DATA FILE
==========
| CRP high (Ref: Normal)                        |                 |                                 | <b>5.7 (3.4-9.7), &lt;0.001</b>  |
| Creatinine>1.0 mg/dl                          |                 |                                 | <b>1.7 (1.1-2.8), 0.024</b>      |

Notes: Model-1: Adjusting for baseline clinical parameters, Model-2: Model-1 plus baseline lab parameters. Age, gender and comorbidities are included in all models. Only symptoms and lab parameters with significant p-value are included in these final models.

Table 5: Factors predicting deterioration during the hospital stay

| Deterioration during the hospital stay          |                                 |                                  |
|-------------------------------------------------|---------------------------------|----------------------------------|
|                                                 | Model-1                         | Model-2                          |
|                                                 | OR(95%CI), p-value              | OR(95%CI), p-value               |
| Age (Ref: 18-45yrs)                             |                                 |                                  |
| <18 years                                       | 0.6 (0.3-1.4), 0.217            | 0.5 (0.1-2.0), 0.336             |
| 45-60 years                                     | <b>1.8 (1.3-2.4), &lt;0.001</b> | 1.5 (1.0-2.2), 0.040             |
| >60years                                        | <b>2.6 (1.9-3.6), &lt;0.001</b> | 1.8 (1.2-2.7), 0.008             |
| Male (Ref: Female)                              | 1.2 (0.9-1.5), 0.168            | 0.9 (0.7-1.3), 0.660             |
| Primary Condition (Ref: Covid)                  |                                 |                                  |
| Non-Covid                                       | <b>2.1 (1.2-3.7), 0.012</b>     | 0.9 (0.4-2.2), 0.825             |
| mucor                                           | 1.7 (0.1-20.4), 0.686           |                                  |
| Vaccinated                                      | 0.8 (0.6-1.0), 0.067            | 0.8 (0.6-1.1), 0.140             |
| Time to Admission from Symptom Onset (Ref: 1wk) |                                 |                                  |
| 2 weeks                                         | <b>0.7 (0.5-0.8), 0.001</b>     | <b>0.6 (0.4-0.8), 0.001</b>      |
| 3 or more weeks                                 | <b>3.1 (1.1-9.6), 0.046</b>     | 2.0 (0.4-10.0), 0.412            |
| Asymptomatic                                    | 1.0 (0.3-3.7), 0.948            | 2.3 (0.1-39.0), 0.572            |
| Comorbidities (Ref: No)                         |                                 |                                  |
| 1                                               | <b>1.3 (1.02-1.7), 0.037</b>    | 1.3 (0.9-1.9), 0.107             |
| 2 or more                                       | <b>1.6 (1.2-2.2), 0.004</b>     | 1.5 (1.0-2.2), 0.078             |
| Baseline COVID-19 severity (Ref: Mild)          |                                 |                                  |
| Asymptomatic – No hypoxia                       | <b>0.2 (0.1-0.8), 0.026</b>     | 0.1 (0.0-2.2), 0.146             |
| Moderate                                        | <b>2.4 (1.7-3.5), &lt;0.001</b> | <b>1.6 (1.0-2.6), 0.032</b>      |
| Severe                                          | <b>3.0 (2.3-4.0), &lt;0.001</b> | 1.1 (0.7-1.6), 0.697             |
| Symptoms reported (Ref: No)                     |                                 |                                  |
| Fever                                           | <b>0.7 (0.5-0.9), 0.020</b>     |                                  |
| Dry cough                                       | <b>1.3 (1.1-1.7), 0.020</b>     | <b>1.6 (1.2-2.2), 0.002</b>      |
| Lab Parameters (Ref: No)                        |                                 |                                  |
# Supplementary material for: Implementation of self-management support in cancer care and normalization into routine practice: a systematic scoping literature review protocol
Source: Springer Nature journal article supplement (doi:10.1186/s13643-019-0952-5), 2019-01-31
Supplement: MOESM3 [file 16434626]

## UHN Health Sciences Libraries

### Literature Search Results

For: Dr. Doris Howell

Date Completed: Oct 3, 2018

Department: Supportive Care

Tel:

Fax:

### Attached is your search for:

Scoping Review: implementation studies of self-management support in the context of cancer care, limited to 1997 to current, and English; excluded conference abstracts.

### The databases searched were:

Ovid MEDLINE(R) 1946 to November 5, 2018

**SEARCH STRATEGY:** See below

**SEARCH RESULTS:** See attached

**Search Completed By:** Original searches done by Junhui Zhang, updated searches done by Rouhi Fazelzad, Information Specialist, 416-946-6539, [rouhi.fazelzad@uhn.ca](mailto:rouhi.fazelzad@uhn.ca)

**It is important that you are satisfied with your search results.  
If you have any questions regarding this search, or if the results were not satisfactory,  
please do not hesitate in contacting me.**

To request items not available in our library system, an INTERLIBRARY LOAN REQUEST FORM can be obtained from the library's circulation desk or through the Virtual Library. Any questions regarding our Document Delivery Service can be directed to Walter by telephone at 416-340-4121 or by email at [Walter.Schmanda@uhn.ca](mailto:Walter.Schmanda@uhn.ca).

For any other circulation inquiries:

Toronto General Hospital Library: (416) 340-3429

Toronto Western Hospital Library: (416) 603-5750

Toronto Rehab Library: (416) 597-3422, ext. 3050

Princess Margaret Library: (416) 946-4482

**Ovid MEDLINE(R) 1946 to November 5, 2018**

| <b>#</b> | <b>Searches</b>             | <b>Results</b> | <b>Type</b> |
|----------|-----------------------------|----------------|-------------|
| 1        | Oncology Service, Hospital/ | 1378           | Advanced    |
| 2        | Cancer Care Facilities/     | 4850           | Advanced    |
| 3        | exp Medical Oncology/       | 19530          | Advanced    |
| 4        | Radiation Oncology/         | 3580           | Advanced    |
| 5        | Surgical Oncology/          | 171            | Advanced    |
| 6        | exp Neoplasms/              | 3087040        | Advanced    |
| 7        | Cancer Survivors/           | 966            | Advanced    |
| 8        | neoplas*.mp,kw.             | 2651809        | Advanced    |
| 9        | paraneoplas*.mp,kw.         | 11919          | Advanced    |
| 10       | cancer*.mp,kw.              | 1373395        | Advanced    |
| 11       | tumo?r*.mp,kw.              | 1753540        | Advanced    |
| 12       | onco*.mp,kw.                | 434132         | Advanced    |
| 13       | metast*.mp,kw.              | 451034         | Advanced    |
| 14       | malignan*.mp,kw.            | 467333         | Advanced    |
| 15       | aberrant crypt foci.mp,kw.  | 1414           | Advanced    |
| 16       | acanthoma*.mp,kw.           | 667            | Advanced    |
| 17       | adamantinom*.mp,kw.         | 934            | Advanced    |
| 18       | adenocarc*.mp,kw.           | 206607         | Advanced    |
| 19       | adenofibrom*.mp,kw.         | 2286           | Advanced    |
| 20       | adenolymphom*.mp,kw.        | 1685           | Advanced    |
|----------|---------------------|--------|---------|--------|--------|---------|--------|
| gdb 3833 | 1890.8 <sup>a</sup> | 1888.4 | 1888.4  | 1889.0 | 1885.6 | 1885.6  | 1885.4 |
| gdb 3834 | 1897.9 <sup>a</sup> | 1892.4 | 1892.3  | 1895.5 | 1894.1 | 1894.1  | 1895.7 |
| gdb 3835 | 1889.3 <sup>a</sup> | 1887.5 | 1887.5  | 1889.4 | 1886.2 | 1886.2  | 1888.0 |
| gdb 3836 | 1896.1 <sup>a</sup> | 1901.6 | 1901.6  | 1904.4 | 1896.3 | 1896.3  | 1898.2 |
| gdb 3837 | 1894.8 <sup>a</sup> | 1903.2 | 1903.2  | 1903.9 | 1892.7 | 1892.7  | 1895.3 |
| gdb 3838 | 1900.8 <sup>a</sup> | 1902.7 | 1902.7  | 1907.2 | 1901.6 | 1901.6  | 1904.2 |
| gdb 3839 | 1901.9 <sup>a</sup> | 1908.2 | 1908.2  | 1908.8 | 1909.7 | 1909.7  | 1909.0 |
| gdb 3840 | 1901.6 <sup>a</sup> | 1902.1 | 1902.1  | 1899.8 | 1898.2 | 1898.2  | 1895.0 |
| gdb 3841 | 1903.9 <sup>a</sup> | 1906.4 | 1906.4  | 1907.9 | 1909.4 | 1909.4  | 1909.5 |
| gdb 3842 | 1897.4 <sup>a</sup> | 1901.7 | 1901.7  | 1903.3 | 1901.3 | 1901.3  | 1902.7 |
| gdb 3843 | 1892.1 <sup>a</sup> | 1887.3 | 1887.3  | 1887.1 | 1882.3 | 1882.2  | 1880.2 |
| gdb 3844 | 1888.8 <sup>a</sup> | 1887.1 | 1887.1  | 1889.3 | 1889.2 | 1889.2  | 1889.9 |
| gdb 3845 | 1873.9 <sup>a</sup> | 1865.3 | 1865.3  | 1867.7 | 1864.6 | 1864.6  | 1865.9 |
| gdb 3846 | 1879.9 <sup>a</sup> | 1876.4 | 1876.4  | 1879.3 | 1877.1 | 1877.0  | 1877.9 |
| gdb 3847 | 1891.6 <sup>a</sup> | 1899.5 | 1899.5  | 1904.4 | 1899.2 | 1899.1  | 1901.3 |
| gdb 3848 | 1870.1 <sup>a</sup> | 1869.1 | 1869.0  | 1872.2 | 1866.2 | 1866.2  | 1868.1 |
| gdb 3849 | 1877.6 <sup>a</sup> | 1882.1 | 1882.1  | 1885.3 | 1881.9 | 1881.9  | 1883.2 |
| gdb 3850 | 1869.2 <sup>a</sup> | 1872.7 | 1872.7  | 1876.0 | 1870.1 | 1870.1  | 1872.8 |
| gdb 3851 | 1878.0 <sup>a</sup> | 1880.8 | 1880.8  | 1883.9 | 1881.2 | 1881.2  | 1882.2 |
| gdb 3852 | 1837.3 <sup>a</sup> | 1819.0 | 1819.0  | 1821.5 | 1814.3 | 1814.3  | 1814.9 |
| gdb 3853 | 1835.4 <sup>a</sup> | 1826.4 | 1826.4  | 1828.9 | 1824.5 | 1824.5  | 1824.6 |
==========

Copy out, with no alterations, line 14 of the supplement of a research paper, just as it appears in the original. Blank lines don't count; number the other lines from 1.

| Primary Condition (Ref: Covid)                  |                                 |                                  |